Control mountains of pollution
November 5, 2013 3:56PM
THE FIRST AMENDMENT
Congress shall make no law respecting an establishment of religion, or prohibiting the free exercise thereof; or abridging the freedom of speech, or the press; or the right of the people peaceably to assemble, and to petition the Government for a redress of grievances.
Updated: December 7, 2013 6:19AM
Mountains of refinery waste along a mile and a half of the Calumet River on the Southeast Side are throwing off clouds of hazardous dust that need to be brought under control quickly.
People living near those black mountains, which soar as high as five stories, say the dust it so pervasive it covers cars, awnings and food set out for backyard picnics. Families keep children inside and say black soot piles up in their homes if they don’t keep their doors and windows closed. Photos they have taken show dust darkening the sky. As the piles grow, the dust gets worse, and those leviathan heaps are expected to keep growing. Authorities need to act before the Southeast Side gets its own re-enactment of the Dust Bowl, but with dust that’s more hazardous than windblown soil.
The Illinois Environmental Protection Agency has filed a complaint against one company that stores the waste, Illinois Attorney General Lisa Madigan’s office has opened an investigation, and a class-action lawsuit was filed Thursday in Cook County Court. Those are all excellent moves, but now let’s keep the heat on until the air is clean.
Above all, existing rules on so-called fugitive dust must be strictly enforced, and regulations must be updated to catch up with the rapidly changing world of refinery waste.
“Those piles look ominous and bad right now, but that is just the tip of the iceberg,” said Josh Mogerman, spokesman for the Natural Resources Defense Council. “We are going to be buried under this stuff, not just locally but also nationally.”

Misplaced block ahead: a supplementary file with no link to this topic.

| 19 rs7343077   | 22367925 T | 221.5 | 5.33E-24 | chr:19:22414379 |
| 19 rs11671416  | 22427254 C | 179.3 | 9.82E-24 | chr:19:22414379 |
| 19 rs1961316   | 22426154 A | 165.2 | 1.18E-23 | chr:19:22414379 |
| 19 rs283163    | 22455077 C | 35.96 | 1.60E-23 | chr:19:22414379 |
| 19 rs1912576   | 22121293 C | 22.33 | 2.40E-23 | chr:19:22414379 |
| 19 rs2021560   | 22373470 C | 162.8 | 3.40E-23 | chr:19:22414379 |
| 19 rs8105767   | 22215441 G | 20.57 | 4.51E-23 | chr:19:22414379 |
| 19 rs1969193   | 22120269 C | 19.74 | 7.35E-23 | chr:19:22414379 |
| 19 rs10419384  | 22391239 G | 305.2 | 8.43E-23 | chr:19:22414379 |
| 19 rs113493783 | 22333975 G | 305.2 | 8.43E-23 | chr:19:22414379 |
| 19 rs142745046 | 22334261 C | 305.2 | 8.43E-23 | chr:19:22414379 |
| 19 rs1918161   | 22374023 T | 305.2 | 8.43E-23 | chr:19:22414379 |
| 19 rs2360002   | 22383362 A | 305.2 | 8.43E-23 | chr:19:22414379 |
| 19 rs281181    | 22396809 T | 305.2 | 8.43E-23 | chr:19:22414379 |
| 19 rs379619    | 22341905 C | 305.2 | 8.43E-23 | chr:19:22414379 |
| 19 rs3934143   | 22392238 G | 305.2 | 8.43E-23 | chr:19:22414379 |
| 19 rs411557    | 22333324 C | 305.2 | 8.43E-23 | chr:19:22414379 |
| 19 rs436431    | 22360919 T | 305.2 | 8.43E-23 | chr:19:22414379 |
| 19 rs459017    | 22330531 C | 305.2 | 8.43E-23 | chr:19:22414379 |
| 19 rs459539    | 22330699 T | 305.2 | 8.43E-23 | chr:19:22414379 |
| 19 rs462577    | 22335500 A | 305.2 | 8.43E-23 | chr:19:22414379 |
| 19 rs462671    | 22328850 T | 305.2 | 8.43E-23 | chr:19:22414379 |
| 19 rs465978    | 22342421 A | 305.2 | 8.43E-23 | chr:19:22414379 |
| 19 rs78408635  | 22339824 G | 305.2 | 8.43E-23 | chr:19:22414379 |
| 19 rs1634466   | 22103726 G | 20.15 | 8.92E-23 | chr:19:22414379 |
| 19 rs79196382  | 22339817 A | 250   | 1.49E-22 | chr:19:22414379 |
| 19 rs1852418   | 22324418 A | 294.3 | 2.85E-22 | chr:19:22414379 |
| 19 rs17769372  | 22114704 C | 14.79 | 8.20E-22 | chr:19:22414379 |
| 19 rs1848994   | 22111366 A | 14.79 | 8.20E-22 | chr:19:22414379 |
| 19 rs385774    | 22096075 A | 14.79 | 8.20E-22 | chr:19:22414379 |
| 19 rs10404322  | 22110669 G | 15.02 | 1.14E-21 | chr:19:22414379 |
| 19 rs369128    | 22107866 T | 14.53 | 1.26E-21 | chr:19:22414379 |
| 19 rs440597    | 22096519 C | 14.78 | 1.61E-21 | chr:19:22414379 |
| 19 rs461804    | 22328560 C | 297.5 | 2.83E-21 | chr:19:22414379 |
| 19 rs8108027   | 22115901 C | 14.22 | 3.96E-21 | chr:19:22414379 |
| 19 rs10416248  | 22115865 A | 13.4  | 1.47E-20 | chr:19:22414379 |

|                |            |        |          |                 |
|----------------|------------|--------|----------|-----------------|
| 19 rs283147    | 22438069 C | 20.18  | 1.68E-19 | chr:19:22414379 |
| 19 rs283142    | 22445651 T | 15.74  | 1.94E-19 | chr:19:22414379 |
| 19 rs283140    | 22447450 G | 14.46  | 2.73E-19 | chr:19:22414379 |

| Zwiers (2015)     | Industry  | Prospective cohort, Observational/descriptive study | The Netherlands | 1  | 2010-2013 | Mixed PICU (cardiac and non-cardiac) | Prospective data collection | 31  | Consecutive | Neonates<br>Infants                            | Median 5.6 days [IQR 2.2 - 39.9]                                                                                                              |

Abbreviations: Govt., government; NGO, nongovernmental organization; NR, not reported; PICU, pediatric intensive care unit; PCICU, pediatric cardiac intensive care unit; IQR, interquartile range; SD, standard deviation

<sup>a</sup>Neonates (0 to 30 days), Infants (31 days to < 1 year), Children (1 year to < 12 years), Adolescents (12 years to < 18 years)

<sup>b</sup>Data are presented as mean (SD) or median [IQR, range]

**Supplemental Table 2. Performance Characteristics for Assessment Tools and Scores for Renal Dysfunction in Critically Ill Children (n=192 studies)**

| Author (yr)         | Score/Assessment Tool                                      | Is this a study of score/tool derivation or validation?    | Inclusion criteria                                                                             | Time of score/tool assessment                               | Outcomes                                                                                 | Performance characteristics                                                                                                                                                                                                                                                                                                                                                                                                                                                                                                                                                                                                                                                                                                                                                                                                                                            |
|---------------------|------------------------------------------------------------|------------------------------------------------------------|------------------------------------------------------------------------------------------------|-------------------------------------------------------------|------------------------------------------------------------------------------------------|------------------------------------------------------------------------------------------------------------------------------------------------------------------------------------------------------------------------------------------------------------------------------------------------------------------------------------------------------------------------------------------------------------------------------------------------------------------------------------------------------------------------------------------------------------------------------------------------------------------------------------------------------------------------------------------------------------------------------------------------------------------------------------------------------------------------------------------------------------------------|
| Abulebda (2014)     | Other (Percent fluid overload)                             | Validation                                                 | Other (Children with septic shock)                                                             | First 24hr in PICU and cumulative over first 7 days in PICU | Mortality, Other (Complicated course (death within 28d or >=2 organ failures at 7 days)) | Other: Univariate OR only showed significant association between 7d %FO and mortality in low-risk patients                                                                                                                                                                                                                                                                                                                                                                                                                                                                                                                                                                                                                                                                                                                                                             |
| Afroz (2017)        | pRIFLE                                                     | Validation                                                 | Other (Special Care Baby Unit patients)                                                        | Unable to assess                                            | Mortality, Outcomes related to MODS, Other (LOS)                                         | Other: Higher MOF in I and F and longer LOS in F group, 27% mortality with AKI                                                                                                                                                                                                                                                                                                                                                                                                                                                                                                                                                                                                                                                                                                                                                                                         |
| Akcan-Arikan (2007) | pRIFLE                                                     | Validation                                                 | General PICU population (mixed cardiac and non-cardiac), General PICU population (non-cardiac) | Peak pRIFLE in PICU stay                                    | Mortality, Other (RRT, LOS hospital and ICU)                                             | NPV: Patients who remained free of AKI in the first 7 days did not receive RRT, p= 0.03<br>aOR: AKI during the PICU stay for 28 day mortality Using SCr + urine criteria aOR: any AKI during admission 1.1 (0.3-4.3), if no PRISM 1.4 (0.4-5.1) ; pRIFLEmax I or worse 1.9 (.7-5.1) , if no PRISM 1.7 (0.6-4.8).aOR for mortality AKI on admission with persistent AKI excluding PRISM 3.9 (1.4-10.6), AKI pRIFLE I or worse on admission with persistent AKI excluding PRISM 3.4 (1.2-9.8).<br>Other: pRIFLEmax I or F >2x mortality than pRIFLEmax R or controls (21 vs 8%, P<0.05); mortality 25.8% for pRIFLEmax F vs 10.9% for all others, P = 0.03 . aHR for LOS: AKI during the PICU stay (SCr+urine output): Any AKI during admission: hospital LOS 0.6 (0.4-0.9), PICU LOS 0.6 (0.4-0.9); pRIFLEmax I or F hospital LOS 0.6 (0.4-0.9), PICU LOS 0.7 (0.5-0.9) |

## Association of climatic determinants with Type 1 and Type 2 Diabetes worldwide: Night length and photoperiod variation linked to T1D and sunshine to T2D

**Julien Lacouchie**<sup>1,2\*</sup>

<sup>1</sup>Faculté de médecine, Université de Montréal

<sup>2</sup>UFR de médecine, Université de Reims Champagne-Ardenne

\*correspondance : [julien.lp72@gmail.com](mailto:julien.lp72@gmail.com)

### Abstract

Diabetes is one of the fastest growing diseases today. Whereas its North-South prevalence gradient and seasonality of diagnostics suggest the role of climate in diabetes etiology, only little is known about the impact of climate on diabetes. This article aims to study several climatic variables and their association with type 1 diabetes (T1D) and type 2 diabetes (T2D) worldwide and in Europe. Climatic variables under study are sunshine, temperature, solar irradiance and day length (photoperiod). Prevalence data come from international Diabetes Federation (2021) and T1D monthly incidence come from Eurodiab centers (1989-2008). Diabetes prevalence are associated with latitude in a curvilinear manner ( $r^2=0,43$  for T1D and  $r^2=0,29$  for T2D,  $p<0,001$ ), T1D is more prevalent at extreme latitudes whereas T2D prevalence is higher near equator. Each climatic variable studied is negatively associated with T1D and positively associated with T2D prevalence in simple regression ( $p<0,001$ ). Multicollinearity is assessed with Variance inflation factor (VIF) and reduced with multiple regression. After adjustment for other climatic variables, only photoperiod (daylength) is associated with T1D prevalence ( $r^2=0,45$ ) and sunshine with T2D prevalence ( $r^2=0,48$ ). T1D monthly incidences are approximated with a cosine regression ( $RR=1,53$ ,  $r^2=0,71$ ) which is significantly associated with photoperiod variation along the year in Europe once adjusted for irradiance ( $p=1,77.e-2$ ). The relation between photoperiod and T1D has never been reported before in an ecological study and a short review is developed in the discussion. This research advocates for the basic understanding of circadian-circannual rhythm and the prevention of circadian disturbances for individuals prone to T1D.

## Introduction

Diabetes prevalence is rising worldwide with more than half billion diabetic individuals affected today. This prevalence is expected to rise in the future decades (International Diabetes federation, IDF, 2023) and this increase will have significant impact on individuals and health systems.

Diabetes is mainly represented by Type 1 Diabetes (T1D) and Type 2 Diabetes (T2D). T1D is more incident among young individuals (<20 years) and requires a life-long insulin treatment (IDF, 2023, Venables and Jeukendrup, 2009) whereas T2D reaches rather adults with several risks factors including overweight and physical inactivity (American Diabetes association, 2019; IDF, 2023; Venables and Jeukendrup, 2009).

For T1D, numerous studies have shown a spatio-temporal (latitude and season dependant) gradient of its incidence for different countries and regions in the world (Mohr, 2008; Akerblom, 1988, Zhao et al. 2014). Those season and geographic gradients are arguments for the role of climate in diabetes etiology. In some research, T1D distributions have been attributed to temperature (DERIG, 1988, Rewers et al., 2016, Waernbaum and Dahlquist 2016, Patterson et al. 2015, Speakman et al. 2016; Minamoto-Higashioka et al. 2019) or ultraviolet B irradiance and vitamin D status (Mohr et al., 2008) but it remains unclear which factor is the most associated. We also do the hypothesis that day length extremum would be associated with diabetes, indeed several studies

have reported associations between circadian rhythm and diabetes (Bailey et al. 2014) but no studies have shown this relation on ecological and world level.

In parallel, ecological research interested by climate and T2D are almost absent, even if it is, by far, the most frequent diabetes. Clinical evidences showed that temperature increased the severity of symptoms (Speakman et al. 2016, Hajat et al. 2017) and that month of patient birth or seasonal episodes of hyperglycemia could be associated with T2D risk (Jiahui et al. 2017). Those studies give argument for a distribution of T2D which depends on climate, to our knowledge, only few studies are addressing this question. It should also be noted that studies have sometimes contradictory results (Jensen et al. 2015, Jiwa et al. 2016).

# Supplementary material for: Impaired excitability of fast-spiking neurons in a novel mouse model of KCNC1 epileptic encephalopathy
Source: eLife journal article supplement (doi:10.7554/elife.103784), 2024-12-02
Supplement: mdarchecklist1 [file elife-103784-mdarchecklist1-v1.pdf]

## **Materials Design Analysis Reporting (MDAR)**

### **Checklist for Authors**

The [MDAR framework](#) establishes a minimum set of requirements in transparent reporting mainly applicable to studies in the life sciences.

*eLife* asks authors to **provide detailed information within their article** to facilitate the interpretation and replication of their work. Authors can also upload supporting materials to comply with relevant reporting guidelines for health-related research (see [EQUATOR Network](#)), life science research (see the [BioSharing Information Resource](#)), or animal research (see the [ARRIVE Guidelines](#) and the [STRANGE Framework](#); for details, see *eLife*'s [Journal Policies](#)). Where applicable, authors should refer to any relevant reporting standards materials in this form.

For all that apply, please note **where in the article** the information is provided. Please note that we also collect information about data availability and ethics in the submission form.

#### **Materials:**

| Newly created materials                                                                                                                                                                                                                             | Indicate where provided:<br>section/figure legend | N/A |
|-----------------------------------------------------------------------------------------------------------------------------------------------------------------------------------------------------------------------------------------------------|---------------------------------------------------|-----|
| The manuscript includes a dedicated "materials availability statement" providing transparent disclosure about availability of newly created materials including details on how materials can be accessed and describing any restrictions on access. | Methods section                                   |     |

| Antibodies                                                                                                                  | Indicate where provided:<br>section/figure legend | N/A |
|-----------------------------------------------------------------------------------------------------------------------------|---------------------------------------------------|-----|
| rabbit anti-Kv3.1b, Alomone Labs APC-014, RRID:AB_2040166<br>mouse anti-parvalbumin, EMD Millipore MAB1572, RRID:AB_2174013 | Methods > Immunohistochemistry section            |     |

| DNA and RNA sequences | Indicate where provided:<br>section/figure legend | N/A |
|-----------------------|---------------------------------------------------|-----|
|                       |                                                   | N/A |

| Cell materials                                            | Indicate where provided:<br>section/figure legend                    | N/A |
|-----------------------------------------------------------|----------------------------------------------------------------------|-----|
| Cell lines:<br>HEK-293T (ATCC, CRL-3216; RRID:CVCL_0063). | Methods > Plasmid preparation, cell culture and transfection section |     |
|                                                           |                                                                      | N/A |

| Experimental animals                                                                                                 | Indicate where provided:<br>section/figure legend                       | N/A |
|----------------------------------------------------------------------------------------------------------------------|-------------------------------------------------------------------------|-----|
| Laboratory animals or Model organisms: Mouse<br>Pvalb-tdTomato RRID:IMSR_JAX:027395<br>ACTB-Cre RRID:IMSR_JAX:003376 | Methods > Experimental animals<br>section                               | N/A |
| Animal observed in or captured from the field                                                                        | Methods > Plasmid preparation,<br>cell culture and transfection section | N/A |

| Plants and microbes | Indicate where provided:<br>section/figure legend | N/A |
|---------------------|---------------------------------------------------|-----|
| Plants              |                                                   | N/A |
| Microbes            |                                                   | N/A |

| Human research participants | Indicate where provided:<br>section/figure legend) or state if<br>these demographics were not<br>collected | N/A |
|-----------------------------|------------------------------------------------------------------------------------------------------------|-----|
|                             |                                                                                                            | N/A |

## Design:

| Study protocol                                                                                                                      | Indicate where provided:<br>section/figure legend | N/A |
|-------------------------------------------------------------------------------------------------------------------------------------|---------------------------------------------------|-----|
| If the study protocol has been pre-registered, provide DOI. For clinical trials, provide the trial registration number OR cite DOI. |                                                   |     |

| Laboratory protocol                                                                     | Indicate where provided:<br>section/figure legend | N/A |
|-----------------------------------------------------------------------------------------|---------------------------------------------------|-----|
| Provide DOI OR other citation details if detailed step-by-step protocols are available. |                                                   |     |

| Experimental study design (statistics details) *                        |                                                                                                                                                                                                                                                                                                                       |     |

The gritty dust — which contains sulfur, carbon and heavy metals — comes from petcoke, a refinery byproduct that arrives via barge, truck and rail. As refineries have turned to dirty tar sands oil, the mountains of petcoke have mushroomed on sites that once held stockpiles of coal, crushed limestone or other bulk material. Much of the petcoke comes from the BP refinery in Whiting, Ind., which is undergoing a renovation that will triple the amount of petcoke it produces by the end of the year, making it the second-largest source of petcoke in the world. The more that the refinery produces, the bigger the mountains will get on the Southeast Side, as the petcoke waits to be shipped to other states or countries for use by the aluminum, cement and steel industries or by power plants that use petcoke as a cheaper alternative to coal.
Excessive exposure to petcoke dust can cause skin, eye or respiratory infection. Breathing it continuously can damage lungs. The swirling dust also can contaminate water it settles into.
“Sometimes you have a cookout and you notice on your potato salad, you see black dust all over it,” said Alfredo Mendoza, one of the class-action lawsuit plaintiffs. “How can you eat this stuff? And when the wind blows, the dust becomes like a black sky.”
The class action lawsuit asks that the piles of petcoke be enclosed — as Indiana would require if BP kept the petcoke on its Whiting site — to keep the dust out of the air. One of the companies has said that’s too expensive, but that it has installed sprinklers to suppress the dust.
Too expensive? Not if it’s your kid breathing in that foul stuff.
Recently, Detroit Mayor Dave Bing ordered piles of petcoke removed from that city. If other measures don’t work, Chicago should do the same.
Until then, we won’t be able to breathe easy.
— Chicago Sun-Times